In machine learning, a variational autoencoder (VAE), is an artificial neural network architecture introduced by Diederik P. Kingma and Max Welling, belonging to the families of probabilistic graphical models and variational Bayesian methods.[1]

Variational autoencoders are often associated with the autoencoder model because of its architectural affinity, but with significant differences in the goal and mathematical formulation. Variational autoencoders are probabilistic generative models that require neural networks as only a part of their overall structure, as e.g. in VQ-VAE. The neural network components are typically referred to as the encoder and decoder for the first and second component respectively. The first neural network maps the input variable to a latent space that corresponds to the parameters of a variational distribution. In this way, the encoder can produce multiple different samples that all come from the same distribution. The decoder has the opposite function, which is to map from the latent space to the input space, in order to produce or generate data points. Both networks are typically trained together with the usage of the reparameterization trick, although the variance of the noise model can be learned separately.

Although this type of model was initially designed for unsupervised learning,[2][3] its effectiveness has been proven for semi-supervised learning[4][5] and supervised learning.[6]

Overview of architecture and operation

A variational autoencoder is a generative model with a prior and noise distribution respectively. Usually such models are trained using the Expectation-Maximization meta-algorithm (e.g. probabilistic PCA, (spike & slab) sparse coding). Such a scheme optimizes a lower bound of the data likelihood, which is usually intractable, and in doing so requires the discovery of q-distributions, or variational posteriors. These q distributions are normally parameterized for each individual data point in a separate optimization process. However, variational autoencoders use a neural network as an amortized approach to jointly optimize across data points. This neural network takes as input the data points themselves, and outputs parameters for the variational distribution. As it maps from a known input space to the low-dimensional latent space, it is called the encoder.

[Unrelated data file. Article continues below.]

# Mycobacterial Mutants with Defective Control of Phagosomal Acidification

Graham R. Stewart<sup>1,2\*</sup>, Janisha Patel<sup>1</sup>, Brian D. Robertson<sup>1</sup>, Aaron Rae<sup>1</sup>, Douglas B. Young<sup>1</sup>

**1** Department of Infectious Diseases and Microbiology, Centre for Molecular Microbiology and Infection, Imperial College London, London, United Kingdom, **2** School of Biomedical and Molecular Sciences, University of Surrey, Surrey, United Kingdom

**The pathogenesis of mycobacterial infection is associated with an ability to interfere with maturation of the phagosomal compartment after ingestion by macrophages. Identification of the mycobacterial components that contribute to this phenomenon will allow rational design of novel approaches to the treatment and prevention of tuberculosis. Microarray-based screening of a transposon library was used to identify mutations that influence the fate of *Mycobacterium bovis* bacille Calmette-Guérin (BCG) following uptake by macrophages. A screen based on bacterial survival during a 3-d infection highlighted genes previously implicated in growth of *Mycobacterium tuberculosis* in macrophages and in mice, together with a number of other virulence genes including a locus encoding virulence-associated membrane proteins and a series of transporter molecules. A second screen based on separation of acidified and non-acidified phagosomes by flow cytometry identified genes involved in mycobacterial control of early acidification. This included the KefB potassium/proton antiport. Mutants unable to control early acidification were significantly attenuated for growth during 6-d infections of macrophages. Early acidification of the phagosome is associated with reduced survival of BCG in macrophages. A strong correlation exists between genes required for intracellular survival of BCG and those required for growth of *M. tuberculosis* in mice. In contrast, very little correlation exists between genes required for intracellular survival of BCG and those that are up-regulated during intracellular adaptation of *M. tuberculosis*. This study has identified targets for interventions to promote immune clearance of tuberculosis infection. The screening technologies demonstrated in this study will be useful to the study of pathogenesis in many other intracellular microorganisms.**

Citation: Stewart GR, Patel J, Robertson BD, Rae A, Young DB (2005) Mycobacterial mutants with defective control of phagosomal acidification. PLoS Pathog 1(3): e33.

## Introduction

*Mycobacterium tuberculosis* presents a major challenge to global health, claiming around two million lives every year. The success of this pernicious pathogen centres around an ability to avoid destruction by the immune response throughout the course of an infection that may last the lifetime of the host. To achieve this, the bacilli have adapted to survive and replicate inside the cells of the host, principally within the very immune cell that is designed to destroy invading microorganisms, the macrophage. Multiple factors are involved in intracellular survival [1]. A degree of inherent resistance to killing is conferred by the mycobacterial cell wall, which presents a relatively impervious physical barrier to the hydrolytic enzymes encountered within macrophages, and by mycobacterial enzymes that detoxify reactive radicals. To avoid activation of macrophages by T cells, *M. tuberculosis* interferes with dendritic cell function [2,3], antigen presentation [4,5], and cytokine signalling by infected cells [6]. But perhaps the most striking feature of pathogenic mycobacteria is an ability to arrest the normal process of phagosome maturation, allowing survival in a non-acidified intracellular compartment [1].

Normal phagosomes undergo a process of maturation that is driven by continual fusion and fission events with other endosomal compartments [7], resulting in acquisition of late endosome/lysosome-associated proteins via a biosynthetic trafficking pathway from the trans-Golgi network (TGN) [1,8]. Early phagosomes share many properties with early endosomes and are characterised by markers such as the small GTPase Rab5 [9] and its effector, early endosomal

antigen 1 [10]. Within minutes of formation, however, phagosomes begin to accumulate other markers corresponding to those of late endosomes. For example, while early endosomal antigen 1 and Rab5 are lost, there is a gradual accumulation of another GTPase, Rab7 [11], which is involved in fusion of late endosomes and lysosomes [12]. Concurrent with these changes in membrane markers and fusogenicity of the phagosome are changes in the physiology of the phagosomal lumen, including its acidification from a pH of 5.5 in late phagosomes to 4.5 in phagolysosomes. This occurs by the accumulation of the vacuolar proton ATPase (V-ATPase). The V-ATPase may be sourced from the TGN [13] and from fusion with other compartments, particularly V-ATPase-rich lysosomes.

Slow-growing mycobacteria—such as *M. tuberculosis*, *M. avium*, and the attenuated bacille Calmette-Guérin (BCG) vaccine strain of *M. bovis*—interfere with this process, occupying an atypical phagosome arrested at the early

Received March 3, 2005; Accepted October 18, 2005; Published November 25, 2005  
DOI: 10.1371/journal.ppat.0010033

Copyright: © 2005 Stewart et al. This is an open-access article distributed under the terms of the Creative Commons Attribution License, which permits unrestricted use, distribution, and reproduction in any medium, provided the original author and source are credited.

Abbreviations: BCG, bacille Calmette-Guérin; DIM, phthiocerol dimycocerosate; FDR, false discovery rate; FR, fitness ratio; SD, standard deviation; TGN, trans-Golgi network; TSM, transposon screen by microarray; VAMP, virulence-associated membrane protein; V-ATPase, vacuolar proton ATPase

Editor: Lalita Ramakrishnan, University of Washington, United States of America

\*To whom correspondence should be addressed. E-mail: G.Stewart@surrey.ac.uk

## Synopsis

The decoder is the second neural network of this model. It is a function that maps from the latent space to the input space, e.g. as the means of the noise distribution. It is possible to use another neural network that maps to the variance, however this can be omitted for simplicity. In such a case, the variance can be optimized with gradient descent.

To optimize this model, one needs to know two terms: the "reconstruction error", and the Kullback–Leibler divergence. Both terms are derived from the free energy expression of the probabilistic model, and therefore differ depending on the noise distribution and the assumed prior of the data. The KL-D from the free energy expression maximizes the probability mass of the q distribution that overlaps with the p distribution, which unfortunately can result in mode-seeking behaviour. The "reconstruction" term is the remainder of the free energy expression, and requires a sampling approximation to compute its expectation value.[7]

Formulation

The basic scheme of a variational autoencoder. The model receives 
  
    
      
        x
      
    
    {\displaystyle x}